Music hall and variety theatre

The story of music hall

Music halls can be traced back to the taverns and coffee houses of 18th-century London, where performers sang songs whilst the audience ate, drank and joined in the singing. By the 1830s taverns had rooms devoted to musical clubs where they presented Saturday evening singsongs and 'free-and-easies' (informal entertainment from amateur and professional performers). These became so popular that entertainment was put on two or three times a week. For more middle-class clientele song and supper rooms opened in the 1830s, which served hot food and provided entertainment until the early hours of the morning.

Tavern entertainment or early music hall, drawing by George Cruikshank, about 1845, Britain. Museum no. S.43-2005. © Victoria and Albert Museum, London

The taverns, saloons and supper rooms would have been noisy and difficult places in which to perform. The audience would chat throughout the acts and could be very rowdy, often throwing things at the performers, such as bottles, old boots and even dead cats. In industrial towns, the favoured object to hurl was an iron rivet. In some halls bottles carried by the waiters were chained to the trays and the orchestra was protected from missiles by steel grilles stretched over the pit where they performed. While women were not allowed in the middle-class song and supper rooms, working-class women visited the taverns. In the early days of music hall they would often accompany their husbands and bring along their children and even babies.

The Green Gate Tavern, City Road, print from an engraving by T.H. Shepherd, about 1854, London. Museum no. S.981-2017. © Victoria and Albert Museum, London

One of the most famous early music halls was The Eagle in London. The Eagle was an East End tavern on the corner of City Road and Shepherdess Walk that presented regular musical entertainment and was doing a roaring trade by 1854. Marie Lloyd, who would become one of the biggest music hall stars, first appeared there in 1885 at the age of 14. The Eagle was sold in 1883 to the Salvation Army and later demolished. Today a new Eagle pub can be found on the same site, which has a display of old music hall prints.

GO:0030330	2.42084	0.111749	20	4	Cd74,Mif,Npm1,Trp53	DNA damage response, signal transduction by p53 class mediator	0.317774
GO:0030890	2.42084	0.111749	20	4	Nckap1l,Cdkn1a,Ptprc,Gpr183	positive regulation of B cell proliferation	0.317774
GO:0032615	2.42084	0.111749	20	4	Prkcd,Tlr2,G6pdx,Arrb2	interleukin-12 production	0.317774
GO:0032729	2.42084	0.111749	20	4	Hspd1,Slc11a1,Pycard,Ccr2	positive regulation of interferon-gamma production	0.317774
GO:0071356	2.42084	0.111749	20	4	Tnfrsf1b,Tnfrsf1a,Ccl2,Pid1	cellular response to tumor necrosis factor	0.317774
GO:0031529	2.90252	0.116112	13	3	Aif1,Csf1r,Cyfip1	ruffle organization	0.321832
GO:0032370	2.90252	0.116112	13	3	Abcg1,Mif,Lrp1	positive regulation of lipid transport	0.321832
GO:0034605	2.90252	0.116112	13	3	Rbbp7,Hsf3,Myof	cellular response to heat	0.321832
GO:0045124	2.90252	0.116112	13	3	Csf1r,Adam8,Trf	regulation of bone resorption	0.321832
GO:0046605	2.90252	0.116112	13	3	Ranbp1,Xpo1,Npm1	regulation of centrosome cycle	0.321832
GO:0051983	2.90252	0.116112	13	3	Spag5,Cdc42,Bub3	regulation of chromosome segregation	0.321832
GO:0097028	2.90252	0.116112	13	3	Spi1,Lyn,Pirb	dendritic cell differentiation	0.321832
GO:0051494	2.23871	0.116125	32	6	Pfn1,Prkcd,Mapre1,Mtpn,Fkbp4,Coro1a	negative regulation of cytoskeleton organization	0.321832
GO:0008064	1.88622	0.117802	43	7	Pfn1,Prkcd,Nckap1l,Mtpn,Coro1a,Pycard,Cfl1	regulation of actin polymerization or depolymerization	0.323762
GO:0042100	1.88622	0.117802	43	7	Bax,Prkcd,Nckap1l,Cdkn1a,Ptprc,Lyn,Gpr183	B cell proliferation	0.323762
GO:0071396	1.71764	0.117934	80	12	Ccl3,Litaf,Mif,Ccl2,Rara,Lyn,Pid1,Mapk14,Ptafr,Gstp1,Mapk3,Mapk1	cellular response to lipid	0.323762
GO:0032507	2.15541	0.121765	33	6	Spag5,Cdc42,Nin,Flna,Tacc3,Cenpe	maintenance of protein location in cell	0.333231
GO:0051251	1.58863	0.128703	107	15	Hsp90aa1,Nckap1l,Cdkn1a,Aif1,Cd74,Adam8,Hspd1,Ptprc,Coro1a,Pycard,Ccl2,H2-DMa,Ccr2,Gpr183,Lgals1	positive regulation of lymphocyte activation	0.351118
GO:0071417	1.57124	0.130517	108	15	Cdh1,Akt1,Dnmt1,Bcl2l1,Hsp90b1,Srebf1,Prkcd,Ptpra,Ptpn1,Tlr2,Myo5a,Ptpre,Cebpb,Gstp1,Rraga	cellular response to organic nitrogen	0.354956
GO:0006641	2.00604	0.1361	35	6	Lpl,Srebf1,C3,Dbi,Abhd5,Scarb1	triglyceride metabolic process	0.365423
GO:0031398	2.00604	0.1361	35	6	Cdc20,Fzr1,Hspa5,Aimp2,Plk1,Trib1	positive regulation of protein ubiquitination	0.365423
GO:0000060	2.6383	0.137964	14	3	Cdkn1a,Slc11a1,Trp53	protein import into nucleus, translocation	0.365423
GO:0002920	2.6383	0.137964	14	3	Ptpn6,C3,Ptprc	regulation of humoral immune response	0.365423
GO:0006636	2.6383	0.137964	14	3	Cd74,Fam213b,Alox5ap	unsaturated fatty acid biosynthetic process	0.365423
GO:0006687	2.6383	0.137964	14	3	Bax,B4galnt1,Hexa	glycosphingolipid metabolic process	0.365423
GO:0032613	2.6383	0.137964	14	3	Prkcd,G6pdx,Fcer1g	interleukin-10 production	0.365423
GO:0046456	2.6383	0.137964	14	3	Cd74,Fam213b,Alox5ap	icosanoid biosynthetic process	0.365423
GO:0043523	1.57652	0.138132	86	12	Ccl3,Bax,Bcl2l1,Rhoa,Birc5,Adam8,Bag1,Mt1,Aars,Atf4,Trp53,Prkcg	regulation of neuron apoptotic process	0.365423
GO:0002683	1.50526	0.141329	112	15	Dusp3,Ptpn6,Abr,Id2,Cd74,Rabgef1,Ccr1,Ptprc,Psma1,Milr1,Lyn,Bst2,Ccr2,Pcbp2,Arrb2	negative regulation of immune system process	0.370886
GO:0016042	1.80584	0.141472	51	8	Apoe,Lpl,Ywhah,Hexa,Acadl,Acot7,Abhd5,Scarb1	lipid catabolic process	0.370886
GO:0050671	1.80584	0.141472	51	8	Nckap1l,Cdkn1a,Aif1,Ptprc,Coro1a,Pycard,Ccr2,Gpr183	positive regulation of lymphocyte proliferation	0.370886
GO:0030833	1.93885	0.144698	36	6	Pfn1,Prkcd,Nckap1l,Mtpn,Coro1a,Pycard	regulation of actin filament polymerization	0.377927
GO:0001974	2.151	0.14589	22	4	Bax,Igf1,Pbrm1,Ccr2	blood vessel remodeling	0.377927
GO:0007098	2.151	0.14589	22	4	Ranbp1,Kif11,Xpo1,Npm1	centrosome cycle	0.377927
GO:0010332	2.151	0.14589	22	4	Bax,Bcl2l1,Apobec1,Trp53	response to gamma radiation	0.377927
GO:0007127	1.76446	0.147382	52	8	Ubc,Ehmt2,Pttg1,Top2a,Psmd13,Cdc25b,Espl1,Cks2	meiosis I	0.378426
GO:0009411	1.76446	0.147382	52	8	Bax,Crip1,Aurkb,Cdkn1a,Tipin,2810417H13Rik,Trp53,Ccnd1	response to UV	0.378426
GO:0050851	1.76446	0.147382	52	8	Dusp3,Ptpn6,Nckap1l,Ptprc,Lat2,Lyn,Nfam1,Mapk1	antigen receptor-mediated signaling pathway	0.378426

Eagle Tavern City Road, engraving by John Sherry, 1842, London. Museum no. S.278:3-1997. © Victoria and Albert Museum, London

The first purpose-built music hall was the Canterbury Hall in Lambeth, which was opened in 1852 by Mr Charles Morton. It held 700 people, who were seated at tables, with food and drink being served throughout the performance. Entrance was by a sixpenny refreshment ticket. The star performer at the Canterbury was the actor and singer of comedy songs, Sam Cowell. So great was Cowell's success that Morton had to build a larger hall on the same site. The more ornate hall, now with a capacity of 1,500, opened in 1856 complete with chandeliers, balcony and an art exhibition. Admission was sixpence to the floor and ninepence to the gallery (or £2 and £3 in today's money).

Canterbury Hall, Lambeth Upper Marsh, reproduced in The Illustrated London News, 6 December 1856. Museum no. S.1641-2015. © Victoria and Albert Museum, London